Friday, May 28, 2010


Hello, gorgeous beautiful glamorous campers! This weekend my family and some friends are entering that glorious Memorial Day tradition of the camping trip. Where to, you might ask? We're going to a beach on the Pacific, if that narrows it down for you. 
I got to thinking about why so many of us chose to fill our leisure time with sleeping under the stars (well, the hidden stars here in Alaska if it's Summer - we're pretty much getting Midnight Sun at this point), and remembered that I had this little fledgling site that I'd filled with a few (but not all from my vault) reference databases that I could play with. I felt like looking at vintage Kodachrome and the like photos and related ephemera from the 30's-80's or so. I wanted to see some examples of vintage camping, in photos, to tie our experiences with our bug spray-wielding and hot-dog grilling forefathers. 
I mean I flippin' love camping, but I'm a bit specific and fickle with my love. It must be in (usually) a state or national park campground, meaning it must be beautiful and serene. But I don't want it to be off the grid too much (i.e. some sort of toilet either flush or porta is essential), because I am a delicate, shy type person with my grooming and functions and also do not want to be eaten by a bear or taunted by a wolverine. On the flip side I don't want something so posh that it's ridden with RV's and pricey fees. I'm camping for goodness sake, I'm doing it because it's cheap and I like roasting marshmallows. I don't necessarily need a shower because showers in camps are usually either anemic or like something out of a TVA dam and nowhere in between. 
So anyway, I used my little magic tricks to find a few pretty little reminders of the type of camping I love: the kind with lipstick and a clean toilet, the kind with park rangers and day hikes. I found some random: 
1971: Are We Having Fun Yet?
Thank you, Shorpy. 
Just look at that happy camper up there (1971). Read the description on the Shorpy page, too. I love this guy's self-depreciating humor. I look at all the details in the shot and I think of all the preparations I just did for our impending trip. Will we look at our photos 30 years from now and marvel at the "vintage" Sigg water bottles and Bodum french press? Probably. 
Cold Camp: 1967
Thanks again, Shorpy.
Please. Just look at this shot. Can't you just feel it? The flames licking the black night? I've missed that! Like I've said it stays light until almost midnight now and it's not the same. I loved the enveloping night camping down south and in the midwest. When I was little it felt like such an adventure to be staying outside after dark. To sleep in the moonlight. Nothin' doin' up here unless you're willing to camp in the winter and snow. I don't mind winter camping, in the south when it gets to maybe 20 degrees at night in most areas. Up here is another story. This photo, though. Look at that coffee pot! We actually are bringing one almost just like it, a back-up french press one. We go through a lot of coffee when we camp (and when we don't). I love the lady's orthopedic shoes, too.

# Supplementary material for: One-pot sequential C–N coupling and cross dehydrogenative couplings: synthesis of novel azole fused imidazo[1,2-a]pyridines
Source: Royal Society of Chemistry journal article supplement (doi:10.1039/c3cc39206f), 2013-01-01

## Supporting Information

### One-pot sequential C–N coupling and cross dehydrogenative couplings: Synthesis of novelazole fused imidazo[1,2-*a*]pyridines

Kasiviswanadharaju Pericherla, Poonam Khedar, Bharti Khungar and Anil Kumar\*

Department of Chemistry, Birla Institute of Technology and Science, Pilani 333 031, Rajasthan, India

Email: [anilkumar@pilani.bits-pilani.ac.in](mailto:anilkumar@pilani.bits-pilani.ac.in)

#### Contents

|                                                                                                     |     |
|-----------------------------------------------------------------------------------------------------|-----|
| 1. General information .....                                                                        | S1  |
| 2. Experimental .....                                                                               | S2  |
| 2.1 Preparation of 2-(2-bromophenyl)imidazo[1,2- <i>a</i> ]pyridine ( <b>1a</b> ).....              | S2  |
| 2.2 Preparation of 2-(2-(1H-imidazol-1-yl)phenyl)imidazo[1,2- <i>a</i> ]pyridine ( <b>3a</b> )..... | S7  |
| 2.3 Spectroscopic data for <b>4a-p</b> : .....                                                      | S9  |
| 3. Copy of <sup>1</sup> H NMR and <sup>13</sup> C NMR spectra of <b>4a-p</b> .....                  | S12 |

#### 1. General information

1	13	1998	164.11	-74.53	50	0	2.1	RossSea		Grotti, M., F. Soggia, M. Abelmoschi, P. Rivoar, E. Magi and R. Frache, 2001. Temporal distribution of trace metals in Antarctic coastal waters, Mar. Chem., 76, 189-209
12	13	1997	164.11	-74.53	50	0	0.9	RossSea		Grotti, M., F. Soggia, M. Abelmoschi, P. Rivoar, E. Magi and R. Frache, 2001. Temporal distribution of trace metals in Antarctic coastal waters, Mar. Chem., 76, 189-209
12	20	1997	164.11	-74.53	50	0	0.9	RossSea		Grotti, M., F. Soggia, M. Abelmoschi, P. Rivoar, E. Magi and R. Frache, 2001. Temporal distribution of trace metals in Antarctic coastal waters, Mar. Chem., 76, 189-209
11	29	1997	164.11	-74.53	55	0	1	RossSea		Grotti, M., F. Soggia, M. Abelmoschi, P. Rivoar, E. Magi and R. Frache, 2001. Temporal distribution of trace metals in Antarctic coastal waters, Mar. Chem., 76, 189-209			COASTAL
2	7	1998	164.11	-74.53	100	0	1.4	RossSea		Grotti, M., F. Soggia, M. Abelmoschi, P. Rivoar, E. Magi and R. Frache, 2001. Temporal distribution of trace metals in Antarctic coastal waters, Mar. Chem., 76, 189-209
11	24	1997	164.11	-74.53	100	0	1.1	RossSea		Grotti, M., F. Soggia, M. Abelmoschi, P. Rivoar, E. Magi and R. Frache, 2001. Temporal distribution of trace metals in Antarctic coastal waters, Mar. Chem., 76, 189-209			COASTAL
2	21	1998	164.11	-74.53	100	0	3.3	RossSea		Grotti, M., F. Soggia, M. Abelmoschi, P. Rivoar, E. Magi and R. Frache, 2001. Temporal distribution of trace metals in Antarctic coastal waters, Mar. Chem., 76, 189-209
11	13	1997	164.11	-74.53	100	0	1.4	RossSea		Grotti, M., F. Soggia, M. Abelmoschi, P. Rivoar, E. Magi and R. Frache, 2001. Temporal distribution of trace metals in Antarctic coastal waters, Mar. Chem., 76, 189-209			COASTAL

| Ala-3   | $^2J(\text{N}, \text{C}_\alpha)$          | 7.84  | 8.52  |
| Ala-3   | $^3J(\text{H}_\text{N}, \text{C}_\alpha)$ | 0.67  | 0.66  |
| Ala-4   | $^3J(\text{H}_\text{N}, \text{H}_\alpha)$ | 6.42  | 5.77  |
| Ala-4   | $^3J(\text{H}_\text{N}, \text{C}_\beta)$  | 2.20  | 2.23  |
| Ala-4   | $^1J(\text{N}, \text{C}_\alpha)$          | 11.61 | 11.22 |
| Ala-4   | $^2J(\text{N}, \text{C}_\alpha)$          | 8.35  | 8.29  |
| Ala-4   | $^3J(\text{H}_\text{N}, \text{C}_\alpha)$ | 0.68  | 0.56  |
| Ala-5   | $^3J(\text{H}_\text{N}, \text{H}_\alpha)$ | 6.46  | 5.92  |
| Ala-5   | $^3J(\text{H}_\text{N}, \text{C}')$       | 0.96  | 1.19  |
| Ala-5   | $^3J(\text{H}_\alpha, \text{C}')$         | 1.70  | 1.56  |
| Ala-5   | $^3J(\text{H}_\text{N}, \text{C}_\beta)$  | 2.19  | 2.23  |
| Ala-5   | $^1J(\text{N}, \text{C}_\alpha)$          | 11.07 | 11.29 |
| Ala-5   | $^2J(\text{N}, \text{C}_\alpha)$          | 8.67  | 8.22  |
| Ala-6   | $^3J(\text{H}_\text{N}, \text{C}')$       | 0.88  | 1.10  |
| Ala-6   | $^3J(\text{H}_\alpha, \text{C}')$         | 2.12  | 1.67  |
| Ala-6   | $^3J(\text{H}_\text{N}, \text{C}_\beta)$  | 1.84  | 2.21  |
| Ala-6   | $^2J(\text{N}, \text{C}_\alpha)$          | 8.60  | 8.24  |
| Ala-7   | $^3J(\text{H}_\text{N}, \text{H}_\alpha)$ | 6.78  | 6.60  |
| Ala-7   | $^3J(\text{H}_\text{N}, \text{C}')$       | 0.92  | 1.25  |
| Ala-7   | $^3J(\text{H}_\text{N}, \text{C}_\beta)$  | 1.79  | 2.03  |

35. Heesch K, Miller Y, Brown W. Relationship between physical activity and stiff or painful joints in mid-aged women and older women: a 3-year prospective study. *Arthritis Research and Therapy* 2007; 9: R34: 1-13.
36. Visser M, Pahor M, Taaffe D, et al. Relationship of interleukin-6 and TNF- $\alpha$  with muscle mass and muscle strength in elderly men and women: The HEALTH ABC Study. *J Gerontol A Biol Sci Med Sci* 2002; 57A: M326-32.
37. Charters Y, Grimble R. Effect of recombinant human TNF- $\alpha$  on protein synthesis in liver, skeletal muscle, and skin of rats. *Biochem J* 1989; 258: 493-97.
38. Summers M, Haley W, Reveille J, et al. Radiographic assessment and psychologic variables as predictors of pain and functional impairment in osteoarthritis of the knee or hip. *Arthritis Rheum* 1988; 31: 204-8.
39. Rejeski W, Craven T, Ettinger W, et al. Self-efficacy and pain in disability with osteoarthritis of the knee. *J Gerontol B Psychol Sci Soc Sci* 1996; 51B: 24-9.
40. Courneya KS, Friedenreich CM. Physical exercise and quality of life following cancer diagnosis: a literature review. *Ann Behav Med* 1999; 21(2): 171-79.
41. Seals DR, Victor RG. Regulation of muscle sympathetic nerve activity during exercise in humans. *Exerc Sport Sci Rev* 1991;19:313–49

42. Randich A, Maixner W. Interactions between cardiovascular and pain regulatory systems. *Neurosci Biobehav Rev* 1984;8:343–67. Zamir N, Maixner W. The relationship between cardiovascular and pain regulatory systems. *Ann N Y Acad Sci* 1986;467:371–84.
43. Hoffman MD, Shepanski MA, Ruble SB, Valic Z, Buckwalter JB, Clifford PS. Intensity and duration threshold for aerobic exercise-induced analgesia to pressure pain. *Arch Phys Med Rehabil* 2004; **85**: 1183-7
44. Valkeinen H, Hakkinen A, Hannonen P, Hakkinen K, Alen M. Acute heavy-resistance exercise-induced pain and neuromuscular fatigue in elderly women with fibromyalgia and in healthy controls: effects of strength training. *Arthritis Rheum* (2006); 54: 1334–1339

Vintage Camp COOK BOOK outdoors and camping cookbook1974
Thanks, Girly Q. 
Etsy sellers have some wonderful vintage camping ephemera (of course they do!), and I found this cookbook on Girly Q Vintage's shop. Looks like the lady in the kerchief is cooking up some beans or something, but the cookbook also guides you in "cooking game birds" and "cooking for survival". I have a vision of the lady in the kerchief frenetically cooking Dutch oven meal after Dutch oven meal for the man in the insert - because he is holding her hostage. That's what comes to my mind when I see "cooking for survival." I have seen too many Lifetime movies. 

Thank you Vintage Warehouse 
Another etsy print, the above from Vintage Warehouse makes me happy in about thirty kinds of ways. The lady doing the pouring's shoes. The gentleman with the plate's hat. The Model T. Whether it's a campout or picnic or a combo of both I want to be there. Look at that jug of milk. They're moving along and happy and young and wearing good clothes in the grass. 
Yogi Bear's Jellystone Park Campground Amusement Parks
Thank you, (you can buy the postcard by clicking on the link)
Let me start this out by saying that my mother and father were given an identical picnic basket as a wedding gift. We used to take it camping and picnicing. My mom gave it to me years ago and I used that beautiful thing, and then we moved to Alaska and couldn't ship it so I sold it to a friend at a garage sale. And now I see that sweet basket and I feel like crying - for my lost youth and for my lost picnic basket. But, hey Boo Boo! It's a Yogi Bear Campground postcard! I love the cart, the kids, the guy in the Yogi suit! If you aren't aware, the Yogi Bear Campgrounds (called Camp Jellystone - just like the cartoon!) provide safe camping, activities, and nostalgia. They are oh so still around and I just found out that there is one in Gatlinburg. I was not aware of this when we lived in Knoxville! Another reason I'm glad to be moving back home! Majestic scenery and wildlife is one thing, miniature golf and a Yogi Bear golf cart is another. 

Was going to wrap this up nicely, with a little bow even, but am now so full of ideas and plans and excitement for our trip tomorrow to Clam Gulch (no Jellystone Gatlinburg, as you can see below, but it will do - and yes I am implying a wink), that I'm just going to sign off. So goodnight!
"Feathered Sea Foam, Clam Gulch, Alaska, from the Monolith Series" by Hal Gage is the award for this year's Mayor's Arts Awards.
Photo by Hal Gage

Hope you have a majestic, campy Memorial Day. xoxo

PS! This, and this and this and this and this and this.
 Good night!
Oh, and this. 

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